A Letter from Cesar Carhuachin, serving in Colombia
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Greetings from Louisville, Kentucky, to all my friends and supporters of God’s mission in Colombia!
I am in the United States on my interpretation assignment visiting congregations, presbyteries and church gatherings to share about the mission work being done through partnership between the Presbyterian Church of Colombia, the Reformed University of Colombia and PC(USA) World Mission.
Since arriving in the States in June, I have visited three congregations in Washington state: Summit Avenue Presbyterian Church, Bremerton (June 30); First Presbyterian Church of Port Townsend (July 07); and Southminster Presbyterian Church, Des Moines (July 14). During these visits, as I shared about God´s mission in Colombia, I explained what life is like during what some call the “post-conflict” time. This refers to the time after the signing of the Peace Agreement between the Colombian government and the FARC — the Revolutionary Armed Forces of Colombia. Unfortunately, however, about 500 activists and community leaders have been killed since the signing of the Peace Agreement. In addition to this terrible situation, political inconveniences are impeding the implementation of the Peace Agreements.
Also, I shared with these congregations about the Venezuelan migrants in Colombia. According to the United Nations, there are 1.3 million Venezuelan migrants in Colombia, though we who live in Colombia would say that this number is much higher. Something that catches my attention is that Venezuelan migrants don´t ask for alms. They are crossing the border to work, with the ultimate goal of sending money to their families in Venezuela. We see Venezuelan migrants working on the streets; cleaning car windshields at stop lights; and selling bottles of water, cups of coffee, candies and fruit, among other things. I live a block and a half from the Reformed University where I serve, and every day I see about 16 Venezuelan street workers between my house and the school. They work there the whole day, from 8:30 a.m. to 7 p.m. I asked these three congregations in Washington, and I ask you, my brothers and sisters, to pray that Columbians can be good neighbors to Venezuelan migrants and that we, as people of faith, may be welcoming churches, practicing hospitality, worshiping and working together with Venezuelans to answer their needs.
During this time of interpretation, I have found it very enriching to engage in long conversations with retired pastors, pastors and church members in the U.S. who really care for missions and peace. The U.S. faces some of the same problems as Colombia, such as violence in our cities and the challenge to be peacemaker congregations. I was heartened to hear the desire of these three congregations in Washington to be welcoming congregations to immigrants.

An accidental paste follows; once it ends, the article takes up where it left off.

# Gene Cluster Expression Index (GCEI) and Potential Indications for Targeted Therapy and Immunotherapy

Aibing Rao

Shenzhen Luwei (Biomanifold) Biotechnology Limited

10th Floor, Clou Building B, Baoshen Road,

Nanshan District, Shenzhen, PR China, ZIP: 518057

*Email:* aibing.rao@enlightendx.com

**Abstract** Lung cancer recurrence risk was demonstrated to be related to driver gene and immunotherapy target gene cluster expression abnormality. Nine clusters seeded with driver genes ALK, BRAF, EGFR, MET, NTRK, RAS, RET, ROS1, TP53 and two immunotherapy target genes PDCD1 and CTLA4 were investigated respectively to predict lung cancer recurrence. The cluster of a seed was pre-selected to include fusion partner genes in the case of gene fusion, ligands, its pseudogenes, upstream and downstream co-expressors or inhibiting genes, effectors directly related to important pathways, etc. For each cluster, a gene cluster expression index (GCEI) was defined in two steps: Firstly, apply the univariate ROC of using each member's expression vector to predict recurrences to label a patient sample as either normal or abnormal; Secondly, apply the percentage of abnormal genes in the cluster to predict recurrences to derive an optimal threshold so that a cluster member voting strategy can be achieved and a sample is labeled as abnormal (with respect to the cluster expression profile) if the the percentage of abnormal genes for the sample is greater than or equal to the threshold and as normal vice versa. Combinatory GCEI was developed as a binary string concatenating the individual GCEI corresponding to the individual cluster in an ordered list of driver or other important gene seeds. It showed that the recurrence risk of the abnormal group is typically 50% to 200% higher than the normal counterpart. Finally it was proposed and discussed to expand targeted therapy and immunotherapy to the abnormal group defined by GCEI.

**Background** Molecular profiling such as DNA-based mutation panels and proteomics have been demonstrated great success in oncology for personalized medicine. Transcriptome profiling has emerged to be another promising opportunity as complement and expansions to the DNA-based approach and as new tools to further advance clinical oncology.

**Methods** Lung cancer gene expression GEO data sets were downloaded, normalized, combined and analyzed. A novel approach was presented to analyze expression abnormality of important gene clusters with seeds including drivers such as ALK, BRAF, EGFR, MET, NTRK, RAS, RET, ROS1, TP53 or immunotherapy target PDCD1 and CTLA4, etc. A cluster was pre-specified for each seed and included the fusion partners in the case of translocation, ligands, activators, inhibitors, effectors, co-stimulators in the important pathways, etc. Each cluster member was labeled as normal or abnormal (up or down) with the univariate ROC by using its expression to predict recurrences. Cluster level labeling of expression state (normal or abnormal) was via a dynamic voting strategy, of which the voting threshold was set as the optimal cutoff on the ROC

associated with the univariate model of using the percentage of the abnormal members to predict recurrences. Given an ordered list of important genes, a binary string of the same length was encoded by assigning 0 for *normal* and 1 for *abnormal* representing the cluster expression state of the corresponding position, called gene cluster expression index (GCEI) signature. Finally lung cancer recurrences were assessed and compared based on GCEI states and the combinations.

The last congregation I visited, on July 28, was the Presbyterian Church of Leonia, NJ, a wonderful multicultural congregation, where I preached about the Code of Hospitality as it is reflected in the narrative of Sodom and Gomorrah in Genesis 18-19. This ancient code refers to the social mandate to host strangers, visitors and migrants. I found that this congregation practices this teaching very well. It is a wonderful experience to preach in churches and discover that the congregation is already practicing the message I want to share. I give thanks to God for that.
I will stay in the States until November 13. As of today, I still have some Sundays available: September 29; October 6 and 20; November 3 and 10. If your congregation would like me to visit, I would love to. Please contact me at firstname.lastname@example.org. I want to give thanks to all of you for your faithful prayer and financial support of God´s mission in Colombia.
Peace and Grace,
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Tags: Bremerton; First Presbyterian Church of Port Townsend; hospitality, compassion, Des Moines, farc, ia, immigration, migrants, New Wilmington Mission Conference, peace agreement, Presbyterian Church of Leonia NJ, Southminster Presbyterian Church, venezuela, Washington; Summit Avenue Presbyterian Church
Tags: César Carhuachín
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